Review © Mandi Apple, 2003.

Directed by Yamaguchi Makoto, 2001, 90 mins. starring Oohira Natsumi, Kamiya Mami, Sudou Atsuko, Uehara Mayumi and Asami Reina.

Very little would appear to have been said on the Net about A Frightful School Horror (aka Kyoufu Gakuen, aka Terror School), and I don't really think that's a coincidence, given the quality of this movie. Clearly made in the hope of raking in the big bucks by riding in on the coat-tails of successful urban-legend tales such as Ring, and school-ghost stories such as the infinitely superior Korean duo Whispering Corridors and Memento Mori, A Frightful School Horror is without a doubt one of the limpest, most horror-free, and most boring films it's ever been my punishment to have to sit through twice.

The box of the VCD states that the film cannot be shown to anyone under 18 years of age, and this is the really confusing bit for me, because this movie was obviously targeted at an age range of 13-16 year olds, who might need some new spook-stories to scare their schoolmates with round the campfire. Gore-free, fear-free, uninspired, completely non-visual, with perhaps the cheesiest soundtrack ever (even beating Evil Dead Trap's nasty synth hell high-score by a Roland MIDI or two), this film is a complete waste of time and money. Why try to sell a teeny-screamer to over-18's? Perhaps the director's intention was to try to make the idea of the film more appealing to teenagers, that this film is something they're not allowed to see, so therefore it must be full of terrifying and hideous things, so they might want to see it really bad...? Whatever, it just doesn't work.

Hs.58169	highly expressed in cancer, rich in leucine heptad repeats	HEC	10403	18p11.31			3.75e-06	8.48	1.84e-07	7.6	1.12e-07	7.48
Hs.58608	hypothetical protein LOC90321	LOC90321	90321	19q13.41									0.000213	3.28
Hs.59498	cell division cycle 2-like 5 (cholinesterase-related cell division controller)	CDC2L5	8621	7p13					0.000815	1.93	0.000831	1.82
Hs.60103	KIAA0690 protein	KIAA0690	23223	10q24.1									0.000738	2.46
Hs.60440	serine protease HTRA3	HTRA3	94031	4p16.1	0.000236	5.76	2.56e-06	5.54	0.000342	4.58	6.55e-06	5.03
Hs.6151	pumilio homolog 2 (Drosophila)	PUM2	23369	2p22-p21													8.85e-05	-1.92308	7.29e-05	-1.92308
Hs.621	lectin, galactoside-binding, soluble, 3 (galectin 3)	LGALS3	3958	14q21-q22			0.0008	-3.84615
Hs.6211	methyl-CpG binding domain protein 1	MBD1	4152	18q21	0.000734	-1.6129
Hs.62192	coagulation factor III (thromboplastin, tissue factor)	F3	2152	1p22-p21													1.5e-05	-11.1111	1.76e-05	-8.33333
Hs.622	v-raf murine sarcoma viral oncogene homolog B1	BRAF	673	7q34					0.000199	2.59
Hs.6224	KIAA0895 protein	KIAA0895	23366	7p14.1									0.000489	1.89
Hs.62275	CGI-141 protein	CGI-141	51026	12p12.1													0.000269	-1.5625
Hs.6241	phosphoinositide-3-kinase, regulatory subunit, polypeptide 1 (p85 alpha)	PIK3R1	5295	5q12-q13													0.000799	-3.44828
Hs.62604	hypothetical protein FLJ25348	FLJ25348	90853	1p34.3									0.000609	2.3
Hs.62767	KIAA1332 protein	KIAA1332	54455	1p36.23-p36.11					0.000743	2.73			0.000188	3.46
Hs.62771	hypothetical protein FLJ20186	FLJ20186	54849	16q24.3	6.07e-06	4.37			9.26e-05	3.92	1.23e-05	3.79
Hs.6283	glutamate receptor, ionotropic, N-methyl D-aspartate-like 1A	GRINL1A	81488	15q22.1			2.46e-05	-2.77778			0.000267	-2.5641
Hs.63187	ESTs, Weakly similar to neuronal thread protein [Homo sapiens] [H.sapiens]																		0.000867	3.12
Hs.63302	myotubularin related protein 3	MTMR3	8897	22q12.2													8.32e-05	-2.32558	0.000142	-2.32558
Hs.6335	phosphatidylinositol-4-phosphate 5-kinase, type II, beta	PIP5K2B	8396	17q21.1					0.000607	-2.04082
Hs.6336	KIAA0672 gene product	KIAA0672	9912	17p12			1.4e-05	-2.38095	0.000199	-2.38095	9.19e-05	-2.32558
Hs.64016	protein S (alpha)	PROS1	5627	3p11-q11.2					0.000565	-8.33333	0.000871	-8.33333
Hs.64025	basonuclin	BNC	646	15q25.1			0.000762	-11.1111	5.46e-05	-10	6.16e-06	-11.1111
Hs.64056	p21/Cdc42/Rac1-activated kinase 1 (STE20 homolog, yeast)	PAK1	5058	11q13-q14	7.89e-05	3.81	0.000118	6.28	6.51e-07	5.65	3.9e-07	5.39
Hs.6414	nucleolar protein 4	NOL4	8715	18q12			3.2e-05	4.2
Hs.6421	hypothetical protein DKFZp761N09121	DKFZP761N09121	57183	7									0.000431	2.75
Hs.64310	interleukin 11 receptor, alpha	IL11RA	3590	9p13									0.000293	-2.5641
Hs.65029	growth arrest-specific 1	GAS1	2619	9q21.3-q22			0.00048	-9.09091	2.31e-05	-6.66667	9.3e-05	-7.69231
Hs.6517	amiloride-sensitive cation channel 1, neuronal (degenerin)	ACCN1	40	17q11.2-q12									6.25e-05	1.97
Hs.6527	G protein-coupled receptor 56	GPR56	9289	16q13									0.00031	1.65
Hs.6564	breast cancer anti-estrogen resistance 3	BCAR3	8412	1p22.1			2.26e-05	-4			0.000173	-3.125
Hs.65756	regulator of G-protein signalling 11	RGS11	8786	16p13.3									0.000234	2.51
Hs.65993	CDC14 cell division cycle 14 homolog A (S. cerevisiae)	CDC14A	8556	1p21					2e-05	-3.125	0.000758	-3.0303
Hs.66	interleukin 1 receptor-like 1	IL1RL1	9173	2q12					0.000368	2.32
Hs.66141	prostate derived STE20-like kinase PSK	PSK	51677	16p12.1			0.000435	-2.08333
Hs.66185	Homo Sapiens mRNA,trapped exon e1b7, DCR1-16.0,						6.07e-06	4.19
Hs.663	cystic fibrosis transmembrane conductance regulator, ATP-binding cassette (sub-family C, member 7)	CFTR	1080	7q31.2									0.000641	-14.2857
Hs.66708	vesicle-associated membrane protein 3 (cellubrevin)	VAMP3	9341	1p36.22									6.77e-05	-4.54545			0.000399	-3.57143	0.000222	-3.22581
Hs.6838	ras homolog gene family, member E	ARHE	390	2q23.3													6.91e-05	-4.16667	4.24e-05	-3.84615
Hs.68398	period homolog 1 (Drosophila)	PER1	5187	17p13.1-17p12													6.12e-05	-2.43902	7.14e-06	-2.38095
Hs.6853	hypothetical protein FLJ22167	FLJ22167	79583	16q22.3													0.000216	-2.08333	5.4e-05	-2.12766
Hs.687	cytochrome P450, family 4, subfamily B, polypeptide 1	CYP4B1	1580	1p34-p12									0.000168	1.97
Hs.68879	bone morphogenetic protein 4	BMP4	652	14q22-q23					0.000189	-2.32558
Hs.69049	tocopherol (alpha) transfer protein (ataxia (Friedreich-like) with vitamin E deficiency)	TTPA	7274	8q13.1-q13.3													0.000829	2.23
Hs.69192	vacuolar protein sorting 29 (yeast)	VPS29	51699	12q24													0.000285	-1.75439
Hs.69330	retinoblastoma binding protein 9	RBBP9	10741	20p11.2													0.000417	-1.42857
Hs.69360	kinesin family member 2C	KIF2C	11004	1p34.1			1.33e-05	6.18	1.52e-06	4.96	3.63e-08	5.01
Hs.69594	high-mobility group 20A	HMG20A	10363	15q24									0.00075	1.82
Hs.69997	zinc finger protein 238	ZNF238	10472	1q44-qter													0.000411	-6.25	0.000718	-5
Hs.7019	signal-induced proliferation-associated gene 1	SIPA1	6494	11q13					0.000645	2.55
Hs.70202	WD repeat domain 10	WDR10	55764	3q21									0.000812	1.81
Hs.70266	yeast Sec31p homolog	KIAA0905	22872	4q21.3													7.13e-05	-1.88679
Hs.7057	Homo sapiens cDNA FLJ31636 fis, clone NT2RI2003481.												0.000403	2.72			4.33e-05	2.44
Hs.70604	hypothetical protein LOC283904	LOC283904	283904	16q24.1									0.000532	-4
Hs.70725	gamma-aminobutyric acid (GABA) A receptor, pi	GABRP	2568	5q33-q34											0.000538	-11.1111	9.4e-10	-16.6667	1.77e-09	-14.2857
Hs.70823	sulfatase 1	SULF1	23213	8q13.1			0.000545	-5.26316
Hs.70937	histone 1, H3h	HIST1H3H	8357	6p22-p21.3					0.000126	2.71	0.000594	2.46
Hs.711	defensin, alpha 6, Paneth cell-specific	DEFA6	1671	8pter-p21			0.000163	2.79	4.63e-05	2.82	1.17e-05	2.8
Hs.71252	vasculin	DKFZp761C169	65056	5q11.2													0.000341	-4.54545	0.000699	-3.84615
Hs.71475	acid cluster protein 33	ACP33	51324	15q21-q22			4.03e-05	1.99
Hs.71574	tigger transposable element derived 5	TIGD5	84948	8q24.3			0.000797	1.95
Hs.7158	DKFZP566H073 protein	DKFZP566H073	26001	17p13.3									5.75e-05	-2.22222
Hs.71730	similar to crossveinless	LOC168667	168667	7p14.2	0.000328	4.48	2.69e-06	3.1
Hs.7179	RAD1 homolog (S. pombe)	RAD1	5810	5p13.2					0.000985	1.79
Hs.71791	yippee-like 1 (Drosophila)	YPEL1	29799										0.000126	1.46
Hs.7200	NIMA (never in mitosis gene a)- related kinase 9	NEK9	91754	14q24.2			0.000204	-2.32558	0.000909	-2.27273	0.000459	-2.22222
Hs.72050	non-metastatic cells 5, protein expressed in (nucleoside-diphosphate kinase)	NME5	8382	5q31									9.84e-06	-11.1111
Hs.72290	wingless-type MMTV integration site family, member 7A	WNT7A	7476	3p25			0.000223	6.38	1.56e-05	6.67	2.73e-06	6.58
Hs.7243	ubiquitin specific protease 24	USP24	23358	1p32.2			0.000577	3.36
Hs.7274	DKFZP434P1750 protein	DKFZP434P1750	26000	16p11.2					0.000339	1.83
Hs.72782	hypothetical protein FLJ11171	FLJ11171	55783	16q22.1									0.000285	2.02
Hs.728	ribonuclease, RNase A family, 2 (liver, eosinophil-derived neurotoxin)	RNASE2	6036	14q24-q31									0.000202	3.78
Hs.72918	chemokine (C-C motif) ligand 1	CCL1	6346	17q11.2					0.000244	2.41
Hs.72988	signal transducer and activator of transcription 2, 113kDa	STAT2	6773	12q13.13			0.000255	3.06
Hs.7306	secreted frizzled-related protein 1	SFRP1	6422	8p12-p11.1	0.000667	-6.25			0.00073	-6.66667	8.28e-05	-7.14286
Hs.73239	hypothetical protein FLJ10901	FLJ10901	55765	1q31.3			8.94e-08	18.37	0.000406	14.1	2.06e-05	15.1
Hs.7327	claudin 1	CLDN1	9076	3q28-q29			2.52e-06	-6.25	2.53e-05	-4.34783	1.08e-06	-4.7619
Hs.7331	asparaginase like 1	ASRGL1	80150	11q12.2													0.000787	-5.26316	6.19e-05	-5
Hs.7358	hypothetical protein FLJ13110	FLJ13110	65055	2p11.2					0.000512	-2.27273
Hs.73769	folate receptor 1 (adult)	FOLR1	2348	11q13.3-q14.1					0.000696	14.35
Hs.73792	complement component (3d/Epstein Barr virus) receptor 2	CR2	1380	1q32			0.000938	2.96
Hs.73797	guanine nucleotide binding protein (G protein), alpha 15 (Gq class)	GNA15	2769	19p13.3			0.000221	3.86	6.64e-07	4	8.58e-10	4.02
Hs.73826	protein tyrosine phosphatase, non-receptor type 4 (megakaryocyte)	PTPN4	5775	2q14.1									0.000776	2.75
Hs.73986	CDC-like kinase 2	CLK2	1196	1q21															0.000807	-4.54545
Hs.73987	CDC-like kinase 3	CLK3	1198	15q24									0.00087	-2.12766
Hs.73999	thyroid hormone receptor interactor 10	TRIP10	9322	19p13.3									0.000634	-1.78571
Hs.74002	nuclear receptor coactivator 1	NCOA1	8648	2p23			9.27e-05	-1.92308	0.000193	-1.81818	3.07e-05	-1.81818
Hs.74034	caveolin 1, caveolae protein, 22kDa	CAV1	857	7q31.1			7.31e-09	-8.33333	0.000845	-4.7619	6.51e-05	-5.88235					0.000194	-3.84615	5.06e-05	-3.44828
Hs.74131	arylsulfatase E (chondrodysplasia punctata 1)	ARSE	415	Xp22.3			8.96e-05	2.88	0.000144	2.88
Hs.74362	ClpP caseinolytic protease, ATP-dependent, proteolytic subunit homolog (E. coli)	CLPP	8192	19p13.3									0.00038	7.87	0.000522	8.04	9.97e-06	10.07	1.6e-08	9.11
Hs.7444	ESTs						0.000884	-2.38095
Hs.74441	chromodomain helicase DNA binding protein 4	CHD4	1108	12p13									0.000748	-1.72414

A Frightful School Horror is broken up into three short stories about the same school, with the 'events' all taking place on the last day of the summer holidays. The short-story format only serves to weaken the plot even further: there's no character development at all as each story only runs about half an hour per set-piece, and so the whole effect is horribly two-dimensional.